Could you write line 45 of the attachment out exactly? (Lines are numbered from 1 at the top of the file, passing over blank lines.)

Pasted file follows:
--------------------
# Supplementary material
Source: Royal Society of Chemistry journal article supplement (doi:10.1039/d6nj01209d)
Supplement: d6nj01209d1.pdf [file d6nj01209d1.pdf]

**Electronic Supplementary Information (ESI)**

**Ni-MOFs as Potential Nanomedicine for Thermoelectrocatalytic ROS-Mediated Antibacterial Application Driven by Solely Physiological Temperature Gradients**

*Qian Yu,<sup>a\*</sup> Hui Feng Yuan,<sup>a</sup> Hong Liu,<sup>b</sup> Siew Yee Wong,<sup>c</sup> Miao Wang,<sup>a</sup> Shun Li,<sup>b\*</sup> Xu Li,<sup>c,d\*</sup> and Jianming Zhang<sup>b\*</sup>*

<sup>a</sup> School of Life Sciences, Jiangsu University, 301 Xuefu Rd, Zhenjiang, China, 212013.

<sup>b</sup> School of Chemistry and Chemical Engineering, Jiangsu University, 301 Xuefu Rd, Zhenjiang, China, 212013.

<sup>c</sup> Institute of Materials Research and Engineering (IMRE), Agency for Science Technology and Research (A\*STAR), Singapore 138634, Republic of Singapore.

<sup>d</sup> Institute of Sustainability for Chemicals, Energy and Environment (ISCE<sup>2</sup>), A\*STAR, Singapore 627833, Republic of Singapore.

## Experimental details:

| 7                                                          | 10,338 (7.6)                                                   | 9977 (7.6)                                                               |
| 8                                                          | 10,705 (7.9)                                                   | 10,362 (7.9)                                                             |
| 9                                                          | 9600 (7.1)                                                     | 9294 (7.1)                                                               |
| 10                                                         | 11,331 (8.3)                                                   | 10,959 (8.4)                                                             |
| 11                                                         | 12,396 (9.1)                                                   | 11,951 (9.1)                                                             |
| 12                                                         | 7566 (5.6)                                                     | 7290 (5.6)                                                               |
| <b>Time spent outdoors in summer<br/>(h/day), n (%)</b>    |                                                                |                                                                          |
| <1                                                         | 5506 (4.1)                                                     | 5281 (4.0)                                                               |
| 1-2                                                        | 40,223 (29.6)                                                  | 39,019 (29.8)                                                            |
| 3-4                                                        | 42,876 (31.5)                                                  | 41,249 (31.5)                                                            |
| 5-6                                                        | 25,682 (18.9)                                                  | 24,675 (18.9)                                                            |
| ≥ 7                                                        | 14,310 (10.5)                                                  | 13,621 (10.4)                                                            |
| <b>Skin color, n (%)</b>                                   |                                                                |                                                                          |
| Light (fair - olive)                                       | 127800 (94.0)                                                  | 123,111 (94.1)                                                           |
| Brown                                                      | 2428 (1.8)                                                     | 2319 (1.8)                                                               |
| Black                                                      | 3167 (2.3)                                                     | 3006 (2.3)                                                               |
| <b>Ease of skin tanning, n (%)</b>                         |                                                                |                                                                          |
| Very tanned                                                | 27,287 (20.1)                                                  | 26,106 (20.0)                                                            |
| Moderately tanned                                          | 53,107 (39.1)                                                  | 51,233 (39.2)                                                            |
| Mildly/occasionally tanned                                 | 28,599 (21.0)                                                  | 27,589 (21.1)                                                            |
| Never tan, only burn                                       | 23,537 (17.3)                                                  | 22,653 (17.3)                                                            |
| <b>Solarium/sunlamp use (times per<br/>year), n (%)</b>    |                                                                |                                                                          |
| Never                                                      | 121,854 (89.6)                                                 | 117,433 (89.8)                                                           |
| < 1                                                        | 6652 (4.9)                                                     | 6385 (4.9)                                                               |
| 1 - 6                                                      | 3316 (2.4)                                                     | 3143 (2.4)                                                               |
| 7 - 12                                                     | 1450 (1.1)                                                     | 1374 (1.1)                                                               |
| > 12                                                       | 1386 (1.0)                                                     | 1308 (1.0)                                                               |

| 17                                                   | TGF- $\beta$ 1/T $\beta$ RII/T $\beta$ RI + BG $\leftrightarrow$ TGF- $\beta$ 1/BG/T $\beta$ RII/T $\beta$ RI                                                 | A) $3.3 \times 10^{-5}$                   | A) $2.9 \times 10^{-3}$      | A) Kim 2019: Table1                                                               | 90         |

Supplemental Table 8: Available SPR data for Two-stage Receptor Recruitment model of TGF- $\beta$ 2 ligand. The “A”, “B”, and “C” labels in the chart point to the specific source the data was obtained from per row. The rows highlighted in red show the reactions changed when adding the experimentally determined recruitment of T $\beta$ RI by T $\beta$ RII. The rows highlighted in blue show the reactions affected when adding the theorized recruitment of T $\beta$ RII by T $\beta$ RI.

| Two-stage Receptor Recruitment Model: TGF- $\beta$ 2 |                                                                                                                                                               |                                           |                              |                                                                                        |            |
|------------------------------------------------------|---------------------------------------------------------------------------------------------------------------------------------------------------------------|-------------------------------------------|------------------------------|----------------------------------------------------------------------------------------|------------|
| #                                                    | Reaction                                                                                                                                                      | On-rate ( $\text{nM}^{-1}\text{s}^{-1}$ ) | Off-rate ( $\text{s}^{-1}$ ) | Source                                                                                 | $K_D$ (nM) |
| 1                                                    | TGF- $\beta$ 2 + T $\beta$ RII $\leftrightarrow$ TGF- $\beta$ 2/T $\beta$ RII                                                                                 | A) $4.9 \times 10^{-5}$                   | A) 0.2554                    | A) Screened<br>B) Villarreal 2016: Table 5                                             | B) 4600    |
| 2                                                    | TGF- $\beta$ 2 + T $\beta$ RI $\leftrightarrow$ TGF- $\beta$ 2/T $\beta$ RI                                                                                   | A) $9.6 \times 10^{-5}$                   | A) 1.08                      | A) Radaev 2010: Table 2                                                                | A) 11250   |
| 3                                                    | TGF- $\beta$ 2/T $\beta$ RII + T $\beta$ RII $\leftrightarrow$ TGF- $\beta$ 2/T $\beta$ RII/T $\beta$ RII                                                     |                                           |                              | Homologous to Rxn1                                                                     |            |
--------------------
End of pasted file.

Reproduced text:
| 2                                                    | TGF- $\beta$ 2 + T $\beta$ RI $\leftrightarrow$ TGF- $\beta$ 2/T $\beta$ RI                                                                                   | A) $9.6 \times 10^{-5}$                   | A) 1.08                      | A) Radaev 2010: Table 2                                                                | A) 11250   |